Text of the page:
Failure To Provide Foreign Information Penalty

If you own shares in a controlled foreign corporation, you must report these shares to the IRS by filing Form 5471. Failure to do so carries a penalty of $10,000 to $50,000 for every offense and may also result in the loss of your foreign tax credits. Form 5472 must be used when more than 25 percent of a U.S. corporation’s shares are held by foreign individuals. This form has a failure to file penalty of $10,000, which increases by $10,000 for every month in which you fail to file.

If you benefit from or make property transfers to a foreign trust, you must report this information on Form 3520 or 3520-A or face a 35% penalty. If you are required to file Form 925, failure to do so can carry a 10% penalty for each transfer up to a maximum of $100,000.

Tax Penalty Relief

The IRS offers possible relief for certain types of penalties, including but limited to:

  • Failure to deposit taxes as required.
  • Failure to pay taxes.
  • Failure to file a tax return.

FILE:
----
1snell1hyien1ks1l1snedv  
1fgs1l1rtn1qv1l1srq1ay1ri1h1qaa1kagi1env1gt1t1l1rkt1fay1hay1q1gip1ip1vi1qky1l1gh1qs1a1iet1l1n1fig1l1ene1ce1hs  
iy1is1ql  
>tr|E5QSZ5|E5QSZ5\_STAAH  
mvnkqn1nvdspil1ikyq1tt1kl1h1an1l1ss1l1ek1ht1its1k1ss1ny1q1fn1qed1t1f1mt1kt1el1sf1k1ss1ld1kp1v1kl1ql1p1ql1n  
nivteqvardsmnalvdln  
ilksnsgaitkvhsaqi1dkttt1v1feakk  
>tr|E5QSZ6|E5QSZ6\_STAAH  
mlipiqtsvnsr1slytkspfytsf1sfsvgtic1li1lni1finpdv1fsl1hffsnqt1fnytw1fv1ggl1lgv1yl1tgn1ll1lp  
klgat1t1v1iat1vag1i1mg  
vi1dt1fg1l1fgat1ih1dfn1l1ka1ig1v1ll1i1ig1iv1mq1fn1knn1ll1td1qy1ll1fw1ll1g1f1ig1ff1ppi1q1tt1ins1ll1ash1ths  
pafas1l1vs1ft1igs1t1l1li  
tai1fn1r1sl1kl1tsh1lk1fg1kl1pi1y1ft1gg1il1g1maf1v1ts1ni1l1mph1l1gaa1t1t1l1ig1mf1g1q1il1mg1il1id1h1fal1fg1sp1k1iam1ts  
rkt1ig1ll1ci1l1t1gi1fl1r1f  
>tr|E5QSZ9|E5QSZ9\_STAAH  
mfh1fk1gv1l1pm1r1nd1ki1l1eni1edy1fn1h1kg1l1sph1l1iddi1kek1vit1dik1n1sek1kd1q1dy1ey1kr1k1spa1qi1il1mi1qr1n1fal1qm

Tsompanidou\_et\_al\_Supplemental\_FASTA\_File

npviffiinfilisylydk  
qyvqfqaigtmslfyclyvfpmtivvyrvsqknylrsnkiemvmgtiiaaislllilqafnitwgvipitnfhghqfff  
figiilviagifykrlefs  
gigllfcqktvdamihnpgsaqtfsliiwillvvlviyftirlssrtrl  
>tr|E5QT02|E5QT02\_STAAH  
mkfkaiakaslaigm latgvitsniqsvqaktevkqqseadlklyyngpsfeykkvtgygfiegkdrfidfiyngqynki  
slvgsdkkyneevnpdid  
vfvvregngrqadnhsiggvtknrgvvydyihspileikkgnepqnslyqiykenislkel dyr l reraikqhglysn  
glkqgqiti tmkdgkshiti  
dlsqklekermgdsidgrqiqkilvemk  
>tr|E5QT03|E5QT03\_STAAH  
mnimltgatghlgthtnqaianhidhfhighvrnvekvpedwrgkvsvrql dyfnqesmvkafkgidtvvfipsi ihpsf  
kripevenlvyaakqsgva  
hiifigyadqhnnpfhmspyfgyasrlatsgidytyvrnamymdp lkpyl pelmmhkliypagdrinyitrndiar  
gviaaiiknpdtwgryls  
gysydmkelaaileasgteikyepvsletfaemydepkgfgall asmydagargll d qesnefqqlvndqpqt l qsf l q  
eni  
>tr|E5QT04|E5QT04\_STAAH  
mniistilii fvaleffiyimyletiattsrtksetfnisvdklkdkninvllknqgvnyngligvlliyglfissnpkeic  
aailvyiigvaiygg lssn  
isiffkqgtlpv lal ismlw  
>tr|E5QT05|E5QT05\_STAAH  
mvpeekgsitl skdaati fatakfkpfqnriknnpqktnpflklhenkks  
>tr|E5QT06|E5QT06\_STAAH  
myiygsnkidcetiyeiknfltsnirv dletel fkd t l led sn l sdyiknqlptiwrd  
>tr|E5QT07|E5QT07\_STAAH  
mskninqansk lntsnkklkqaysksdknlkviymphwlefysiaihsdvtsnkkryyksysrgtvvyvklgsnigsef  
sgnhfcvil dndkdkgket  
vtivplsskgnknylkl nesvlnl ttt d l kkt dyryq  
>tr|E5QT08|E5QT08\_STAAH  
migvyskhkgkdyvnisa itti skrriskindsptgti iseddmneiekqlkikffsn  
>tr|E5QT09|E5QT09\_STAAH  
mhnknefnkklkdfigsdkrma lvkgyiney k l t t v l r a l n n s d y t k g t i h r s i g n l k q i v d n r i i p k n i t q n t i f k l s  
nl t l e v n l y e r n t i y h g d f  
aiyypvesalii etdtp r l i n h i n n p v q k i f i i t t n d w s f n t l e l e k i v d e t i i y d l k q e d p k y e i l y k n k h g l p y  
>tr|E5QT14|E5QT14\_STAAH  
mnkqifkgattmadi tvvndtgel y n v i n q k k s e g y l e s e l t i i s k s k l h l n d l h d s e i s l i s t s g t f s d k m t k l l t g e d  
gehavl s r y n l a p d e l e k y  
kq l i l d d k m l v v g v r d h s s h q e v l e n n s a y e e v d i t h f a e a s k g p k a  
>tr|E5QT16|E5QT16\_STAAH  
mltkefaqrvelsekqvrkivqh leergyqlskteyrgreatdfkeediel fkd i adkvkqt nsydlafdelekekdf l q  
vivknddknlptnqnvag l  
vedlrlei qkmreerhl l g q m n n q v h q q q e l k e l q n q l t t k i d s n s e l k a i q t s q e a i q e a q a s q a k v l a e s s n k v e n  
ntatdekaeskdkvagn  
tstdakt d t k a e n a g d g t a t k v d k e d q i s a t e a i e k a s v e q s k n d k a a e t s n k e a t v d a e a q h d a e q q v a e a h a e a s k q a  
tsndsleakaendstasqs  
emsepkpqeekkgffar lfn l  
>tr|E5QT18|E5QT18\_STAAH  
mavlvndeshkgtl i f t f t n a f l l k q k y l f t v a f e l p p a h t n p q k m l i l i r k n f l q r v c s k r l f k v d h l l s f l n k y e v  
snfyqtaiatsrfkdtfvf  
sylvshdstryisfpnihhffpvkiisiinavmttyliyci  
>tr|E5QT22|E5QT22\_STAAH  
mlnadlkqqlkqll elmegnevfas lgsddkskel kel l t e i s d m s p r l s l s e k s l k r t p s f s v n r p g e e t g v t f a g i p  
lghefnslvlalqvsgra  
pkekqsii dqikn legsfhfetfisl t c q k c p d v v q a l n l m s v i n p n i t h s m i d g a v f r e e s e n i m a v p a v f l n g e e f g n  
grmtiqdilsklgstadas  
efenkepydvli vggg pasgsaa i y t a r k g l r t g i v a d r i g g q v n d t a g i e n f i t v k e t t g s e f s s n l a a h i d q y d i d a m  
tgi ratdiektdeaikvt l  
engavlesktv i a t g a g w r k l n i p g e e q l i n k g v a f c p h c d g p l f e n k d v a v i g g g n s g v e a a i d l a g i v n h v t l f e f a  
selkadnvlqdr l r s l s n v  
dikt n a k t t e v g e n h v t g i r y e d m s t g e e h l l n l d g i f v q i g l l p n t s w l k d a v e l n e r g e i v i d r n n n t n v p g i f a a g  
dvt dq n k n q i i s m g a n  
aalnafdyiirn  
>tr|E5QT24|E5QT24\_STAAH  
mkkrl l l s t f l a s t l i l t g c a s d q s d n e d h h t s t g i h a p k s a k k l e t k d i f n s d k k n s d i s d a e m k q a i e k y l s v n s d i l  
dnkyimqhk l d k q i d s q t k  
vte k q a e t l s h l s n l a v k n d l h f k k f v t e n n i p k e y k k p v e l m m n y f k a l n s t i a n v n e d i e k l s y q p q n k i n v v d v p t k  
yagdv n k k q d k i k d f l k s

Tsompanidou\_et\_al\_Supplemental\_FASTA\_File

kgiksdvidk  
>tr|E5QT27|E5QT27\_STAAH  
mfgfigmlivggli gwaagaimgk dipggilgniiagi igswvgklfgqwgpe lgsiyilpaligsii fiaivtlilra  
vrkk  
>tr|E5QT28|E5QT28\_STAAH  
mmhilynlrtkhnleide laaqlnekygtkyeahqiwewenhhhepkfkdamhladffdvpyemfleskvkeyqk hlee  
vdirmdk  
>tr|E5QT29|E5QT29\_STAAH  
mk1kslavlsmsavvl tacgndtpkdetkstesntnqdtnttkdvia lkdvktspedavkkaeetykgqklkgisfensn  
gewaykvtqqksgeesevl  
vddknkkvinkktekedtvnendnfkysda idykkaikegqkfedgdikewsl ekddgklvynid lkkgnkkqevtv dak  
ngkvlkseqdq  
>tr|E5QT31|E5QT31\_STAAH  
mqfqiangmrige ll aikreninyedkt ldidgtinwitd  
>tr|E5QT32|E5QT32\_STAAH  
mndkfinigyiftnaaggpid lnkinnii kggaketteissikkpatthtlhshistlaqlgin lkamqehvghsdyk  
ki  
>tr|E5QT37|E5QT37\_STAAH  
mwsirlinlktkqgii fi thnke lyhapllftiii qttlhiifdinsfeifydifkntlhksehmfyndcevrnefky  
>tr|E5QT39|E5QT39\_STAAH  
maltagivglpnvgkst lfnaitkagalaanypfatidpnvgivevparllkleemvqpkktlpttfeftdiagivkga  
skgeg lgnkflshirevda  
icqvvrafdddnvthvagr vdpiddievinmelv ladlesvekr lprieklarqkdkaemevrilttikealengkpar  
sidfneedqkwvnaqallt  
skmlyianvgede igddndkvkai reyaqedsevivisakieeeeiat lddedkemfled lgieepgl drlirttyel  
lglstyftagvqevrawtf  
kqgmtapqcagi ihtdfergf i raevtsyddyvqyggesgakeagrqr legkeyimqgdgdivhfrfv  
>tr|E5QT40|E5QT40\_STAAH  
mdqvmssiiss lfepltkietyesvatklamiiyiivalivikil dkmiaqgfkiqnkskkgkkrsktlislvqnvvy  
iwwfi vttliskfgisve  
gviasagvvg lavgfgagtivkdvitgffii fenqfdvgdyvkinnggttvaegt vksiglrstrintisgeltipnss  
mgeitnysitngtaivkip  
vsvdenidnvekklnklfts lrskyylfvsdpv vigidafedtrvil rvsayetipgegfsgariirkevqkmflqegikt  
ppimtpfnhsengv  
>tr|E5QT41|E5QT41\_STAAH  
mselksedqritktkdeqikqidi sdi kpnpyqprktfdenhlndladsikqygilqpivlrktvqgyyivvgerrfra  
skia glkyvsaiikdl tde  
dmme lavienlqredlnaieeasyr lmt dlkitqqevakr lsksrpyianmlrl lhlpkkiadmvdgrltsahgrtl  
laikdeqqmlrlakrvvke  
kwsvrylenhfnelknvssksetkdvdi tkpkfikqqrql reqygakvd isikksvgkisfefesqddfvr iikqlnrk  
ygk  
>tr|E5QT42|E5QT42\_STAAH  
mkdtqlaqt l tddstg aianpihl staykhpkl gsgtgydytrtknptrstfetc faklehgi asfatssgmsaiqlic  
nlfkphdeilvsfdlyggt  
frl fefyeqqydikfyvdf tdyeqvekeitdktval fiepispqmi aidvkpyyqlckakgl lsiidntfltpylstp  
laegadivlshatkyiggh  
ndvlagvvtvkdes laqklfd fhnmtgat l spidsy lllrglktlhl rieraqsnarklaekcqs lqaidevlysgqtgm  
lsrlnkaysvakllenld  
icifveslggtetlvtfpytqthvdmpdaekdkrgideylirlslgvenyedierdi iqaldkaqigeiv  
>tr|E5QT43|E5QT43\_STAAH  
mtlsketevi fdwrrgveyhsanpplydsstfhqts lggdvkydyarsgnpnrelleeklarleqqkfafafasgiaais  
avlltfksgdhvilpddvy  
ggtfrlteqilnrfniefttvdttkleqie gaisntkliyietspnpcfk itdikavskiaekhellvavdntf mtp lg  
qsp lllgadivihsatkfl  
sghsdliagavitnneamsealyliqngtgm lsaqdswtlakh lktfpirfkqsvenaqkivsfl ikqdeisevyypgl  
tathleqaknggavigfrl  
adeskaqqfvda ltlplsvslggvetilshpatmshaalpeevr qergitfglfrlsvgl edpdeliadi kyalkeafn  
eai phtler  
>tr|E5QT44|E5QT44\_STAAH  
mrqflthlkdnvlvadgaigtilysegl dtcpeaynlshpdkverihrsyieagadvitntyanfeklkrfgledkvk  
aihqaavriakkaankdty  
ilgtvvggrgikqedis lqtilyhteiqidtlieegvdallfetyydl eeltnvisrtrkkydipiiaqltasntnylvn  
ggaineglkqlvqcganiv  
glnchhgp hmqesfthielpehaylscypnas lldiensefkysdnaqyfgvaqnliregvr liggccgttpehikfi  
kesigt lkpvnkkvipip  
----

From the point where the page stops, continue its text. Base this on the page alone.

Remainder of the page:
Reasonable cause penalty relief is a waiver of fines given to those who were unable to meet their tax obligations for reasons beyond their control, such as natural disaster, fire, serious illness or incapacitation, the death of a family member, or inability to obtain records. Lack of funds alone is not considered reasonable cause for a penalty waiver, although lack of funds caused by one of the situations described above may qualify. You will need to provide documentation of the event in question, including legal and court records, hospital records, and other proof where applicable.

You may be eligible for first-time abatement penalty relief if you have made an arrangement to pay your past-due tax, you have filed all outstanding returns or are covered under an approved extension, and you have not received any penalties for the previous three tax years. The best course of action is to fully pay your past-due balance before requesting relief under this provision.

If the IRS has made an administrative mistake, you may also be eligible for relief of associated penalties. This is called penalty relief due to statutory exception and is given if you receive incorrect advice from the IRS. When requesting this type of abatement, you must include the original written request for advice, the incorrect written advice you received in response, and the documents indicating the penalty and/or additional tax that were charged based on this erroneous advice.